Alright, alright, I’m coming to it. What about the large ring? Well, here’s the idea of that. The average war plane had a speed of about 100 m.p.h. Now, let us say that a Hun ship is flying across your sights. If you waited until the red bead was on him and then fired, why, he would be past your bullets by the time they reached him. But if you fired when the outer ring was cutting his cockpit, why, he and the bullets would meet. In other words, the outer ring enabled you to take care of what was termed deflection . . . his speed against the speed of your bullets and the distance they have to travel. Naturally, pilot judgment has to be put into play in every case. But as a sort of standard gauge the ring sight is set so that a ship crossing your path two hundred yards distant will reach the center of the ring at the same time as your bullets, provided you fire when the outer ring is cutting the enemy’s cockpit.

Of course that is assuming that the Hun ship is flying at right angles to you. If he is diving down past the front of you his speed is greater. Therefore you would open fire when he was outside the ring to make sure that he dived into your burst of shots. And if he was climbing up in front of you, his speed would be slower. Therefore you would let him get inside the ring before you opened fire.

In other words, you really look through a ring at the enemy ship and open fire when he has reached the correct spot in that ring. And naturally you place him in the ring, outside it, or on it, as the case may be, so that he is headed toward the center.

A little while back I mentioned about the telescopic sight having the ring sight markings. Well, that’s just what I meant. Marked on the rear lens of the telescopic sight is the ring sight. So you use the telescopic sight just the same way.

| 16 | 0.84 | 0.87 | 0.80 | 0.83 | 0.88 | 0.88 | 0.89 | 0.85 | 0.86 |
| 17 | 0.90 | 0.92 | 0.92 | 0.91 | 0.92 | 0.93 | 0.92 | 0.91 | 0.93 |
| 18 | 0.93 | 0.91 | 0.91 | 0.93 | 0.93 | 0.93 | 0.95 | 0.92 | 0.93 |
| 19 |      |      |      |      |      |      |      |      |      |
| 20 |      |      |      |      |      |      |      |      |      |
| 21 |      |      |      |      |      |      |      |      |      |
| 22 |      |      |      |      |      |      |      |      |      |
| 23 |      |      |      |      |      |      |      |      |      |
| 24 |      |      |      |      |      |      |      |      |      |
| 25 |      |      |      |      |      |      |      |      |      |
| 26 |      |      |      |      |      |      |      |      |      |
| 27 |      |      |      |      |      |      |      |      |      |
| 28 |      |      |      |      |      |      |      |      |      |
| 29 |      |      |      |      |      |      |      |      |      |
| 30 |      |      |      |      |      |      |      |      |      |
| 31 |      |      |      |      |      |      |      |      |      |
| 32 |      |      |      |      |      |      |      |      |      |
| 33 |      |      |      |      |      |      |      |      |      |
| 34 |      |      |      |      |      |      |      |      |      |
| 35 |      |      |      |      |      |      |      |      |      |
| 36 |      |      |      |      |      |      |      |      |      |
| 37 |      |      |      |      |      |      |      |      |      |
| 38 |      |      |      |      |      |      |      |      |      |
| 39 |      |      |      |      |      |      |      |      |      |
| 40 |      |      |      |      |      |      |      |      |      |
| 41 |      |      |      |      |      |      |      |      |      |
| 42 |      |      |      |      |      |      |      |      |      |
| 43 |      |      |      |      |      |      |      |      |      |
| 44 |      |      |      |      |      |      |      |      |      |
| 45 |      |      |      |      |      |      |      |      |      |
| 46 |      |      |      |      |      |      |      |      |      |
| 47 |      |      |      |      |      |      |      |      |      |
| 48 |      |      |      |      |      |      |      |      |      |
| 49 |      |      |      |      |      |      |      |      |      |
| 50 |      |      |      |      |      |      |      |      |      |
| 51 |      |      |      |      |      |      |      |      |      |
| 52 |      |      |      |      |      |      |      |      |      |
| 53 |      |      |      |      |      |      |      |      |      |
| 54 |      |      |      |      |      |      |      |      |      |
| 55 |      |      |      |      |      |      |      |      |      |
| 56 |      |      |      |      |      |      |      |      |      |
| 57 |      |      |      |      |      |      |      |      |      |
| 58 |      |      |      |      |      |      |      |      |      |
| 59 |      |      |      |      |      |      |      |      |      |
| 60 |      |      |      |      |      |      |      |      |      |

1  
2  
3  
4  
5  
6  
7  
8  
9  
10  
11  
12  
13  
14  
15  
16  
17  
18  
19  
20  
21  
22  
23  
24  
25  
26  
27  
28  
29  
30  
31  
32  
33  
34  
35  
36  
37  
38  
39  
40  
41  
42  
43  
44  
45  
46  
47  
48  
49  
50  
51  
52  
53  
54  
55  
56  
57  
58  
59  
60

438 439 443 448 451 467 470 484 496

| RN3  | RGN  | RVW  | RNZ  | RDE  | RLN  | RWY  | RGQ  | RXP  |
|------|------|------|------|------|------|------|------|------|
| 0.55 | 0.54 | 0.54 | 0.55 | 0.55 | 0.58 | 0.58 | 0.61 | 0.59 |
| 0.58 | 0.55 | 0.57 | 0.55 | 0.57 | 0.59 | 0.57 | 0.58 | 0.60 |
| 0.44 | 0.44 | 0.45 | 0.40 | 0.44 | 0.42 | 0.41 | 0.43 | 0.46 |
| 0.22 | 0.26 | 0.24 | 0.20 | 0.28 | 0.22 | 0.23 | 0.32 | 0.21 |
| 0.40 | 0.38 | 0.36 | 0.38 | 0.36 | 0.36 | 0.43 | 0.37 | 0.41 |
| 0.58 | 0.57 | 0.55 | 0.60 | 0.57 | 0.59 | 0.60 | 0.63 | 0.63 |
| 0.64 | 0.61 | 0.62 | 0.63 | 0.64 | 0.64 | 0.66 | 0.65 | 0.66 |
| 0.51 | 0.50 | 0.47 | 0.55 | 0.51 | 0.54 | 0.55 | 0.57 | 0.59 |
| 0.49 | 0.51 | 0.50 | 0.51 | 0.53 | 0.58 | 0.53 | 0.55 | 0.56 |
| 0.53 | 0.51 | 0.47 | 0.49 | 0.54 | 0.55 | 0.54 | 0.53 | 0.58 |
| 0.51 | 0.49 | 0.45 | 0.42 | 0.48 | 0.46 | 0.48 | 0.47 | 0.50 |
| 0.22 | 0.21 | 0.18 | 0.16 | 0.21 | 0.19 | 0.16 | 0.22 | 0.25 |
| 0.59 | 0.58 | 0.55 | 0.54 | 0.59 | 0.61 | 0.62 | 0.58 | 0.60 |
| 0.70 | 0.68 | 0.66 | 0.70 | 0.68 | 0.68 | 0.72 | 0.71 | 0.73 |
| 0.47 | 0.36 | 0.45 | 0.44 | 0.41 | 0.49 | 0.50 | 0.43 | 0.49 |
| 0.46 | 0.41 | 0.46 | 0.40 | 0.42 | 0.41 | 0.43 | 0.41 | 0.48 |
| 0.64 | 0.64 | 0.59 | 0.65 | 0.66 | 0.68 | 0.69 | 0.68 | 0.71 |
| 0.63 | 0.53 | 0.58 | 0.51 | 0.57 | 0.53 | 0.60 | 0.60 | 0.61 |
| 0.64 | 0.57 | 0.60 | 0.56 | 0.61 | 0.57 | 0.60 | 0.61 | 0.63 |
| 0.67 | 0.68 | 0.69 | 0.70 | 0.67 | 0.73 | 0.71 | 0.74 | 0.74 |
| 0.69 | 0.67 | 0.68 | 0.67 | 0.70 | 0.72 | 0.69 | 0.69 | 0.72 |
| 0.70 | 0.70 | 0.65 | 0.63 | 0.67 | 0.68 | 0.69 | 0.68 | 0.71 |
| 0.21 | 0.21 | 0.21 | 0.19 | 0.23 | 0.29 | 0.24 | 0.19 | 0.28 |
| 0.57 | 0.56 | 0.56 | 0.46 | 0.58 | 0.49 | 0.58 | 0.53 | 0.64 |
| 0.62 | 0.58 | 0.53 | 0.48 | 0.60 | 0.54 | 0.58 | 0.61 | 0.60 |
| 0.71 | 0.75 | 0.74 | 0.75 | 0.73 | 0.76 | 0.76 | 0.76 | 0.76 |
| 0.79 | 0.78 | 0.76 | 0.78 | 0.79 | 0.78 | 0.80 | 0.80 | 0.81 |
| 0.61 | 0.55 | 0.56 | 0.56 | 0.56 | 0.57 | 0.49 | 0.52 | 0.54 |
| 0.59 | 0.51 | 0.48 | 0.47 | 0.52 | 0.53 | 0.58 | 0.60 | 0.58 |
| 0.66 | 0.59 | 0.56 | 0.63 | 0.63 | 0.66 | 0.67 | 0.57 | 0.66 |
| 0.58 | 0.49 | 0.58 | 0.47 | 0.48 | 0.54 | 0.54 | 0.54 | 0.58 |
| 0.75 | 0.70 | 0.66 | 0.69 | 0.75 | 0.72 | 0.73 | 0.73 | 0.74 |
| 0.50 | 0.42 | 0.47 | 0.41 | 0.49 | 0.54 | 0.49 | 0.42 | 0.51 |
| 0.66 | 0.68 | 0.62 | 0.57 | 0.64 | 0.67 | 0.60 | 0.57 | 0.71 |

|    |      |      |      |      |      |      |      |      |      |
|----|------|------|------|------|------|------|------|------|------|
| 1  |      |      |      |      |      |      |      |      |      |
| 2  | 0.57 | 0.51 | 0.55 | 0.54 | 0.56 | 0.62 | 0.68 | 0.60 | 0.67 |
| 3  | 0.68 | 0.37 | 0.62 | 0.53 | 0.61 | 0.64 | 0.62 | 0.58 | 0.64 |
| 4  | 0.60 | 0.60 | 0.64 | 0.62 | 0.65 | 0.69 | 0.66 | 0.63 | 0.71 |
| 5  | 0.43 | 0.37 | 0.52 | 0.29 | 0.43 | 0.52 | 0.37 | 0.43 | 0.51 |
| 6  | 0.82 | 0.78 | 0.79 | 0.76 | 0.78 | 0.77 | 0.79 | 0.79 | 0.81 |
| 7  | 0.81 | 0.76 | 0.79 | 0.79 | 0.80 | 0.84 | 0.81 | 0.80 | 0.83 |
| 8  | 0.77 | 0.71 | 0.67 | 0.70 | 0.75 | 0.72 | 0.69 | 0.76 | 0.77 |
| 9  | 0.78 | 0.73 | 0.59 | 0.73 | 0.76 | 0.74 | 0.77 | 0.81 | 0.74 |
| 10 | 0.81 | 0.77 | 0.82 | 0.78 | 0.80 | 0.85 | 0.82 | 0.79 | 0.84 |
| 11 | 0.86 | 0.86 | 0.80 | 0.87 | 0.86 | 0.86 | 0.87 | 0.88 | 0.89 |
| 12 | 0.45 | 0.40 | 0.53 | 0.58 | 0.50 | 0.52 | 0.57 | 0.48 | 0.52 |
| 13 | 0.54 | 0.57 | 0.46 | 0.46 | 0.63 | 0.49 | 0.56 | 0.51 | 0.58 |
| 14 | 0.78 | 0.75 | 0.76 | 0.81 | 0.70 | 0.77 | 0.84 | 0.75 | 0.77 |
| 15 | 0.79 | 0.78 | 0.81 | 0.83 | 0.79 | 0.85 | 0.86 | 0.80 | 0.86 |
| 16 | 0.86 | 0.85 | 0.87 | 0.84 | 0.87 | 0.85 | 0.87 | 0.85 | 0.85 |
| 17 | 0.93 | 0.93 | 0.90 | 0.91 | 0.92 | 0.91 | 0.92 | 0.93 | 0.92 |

Now, naturally, if you took out time to get your Hun this way or that in your sights, he might fool you and keep you chasing around the air all day long. In a scrap you can’t be accurate about that. You take a snap sight and fire, and your tracer bullets (which leave a tiny trail of phosphorous smoke) will give you an idea of where your other shots are going. But tracers start to go cockeyed after about two hundred yards of travel, so that is why the average effective range is about two hundred yards. Beyond that point your tracer bullets aren’t worth a darn. They burn as they go through the air and after a while their path of travel ceases to be straight.

AND now let’s get back to this Fokker we’re after. We start down in a dive and fire . . . and miss. The Fokker skids out of the line of fire. So we follow him around and let drive every time we get him in our sights. And of course all the time we are trying to stick on his tail . . . above him and behind him. But, we do not let our guns keep firing all the time. Our guns will fire about six hundred rounds a minute. So when you figure that out, if we fire for a minute steady we are all out of shots, with exception, of course, of our two extra Lewis drums of ninety-seven rounds each. But we haven’t had time to change the drums, because that’s a tough job to do when you are twisting around in a scrap and making sure that friend Hun doesn’t get on your tail.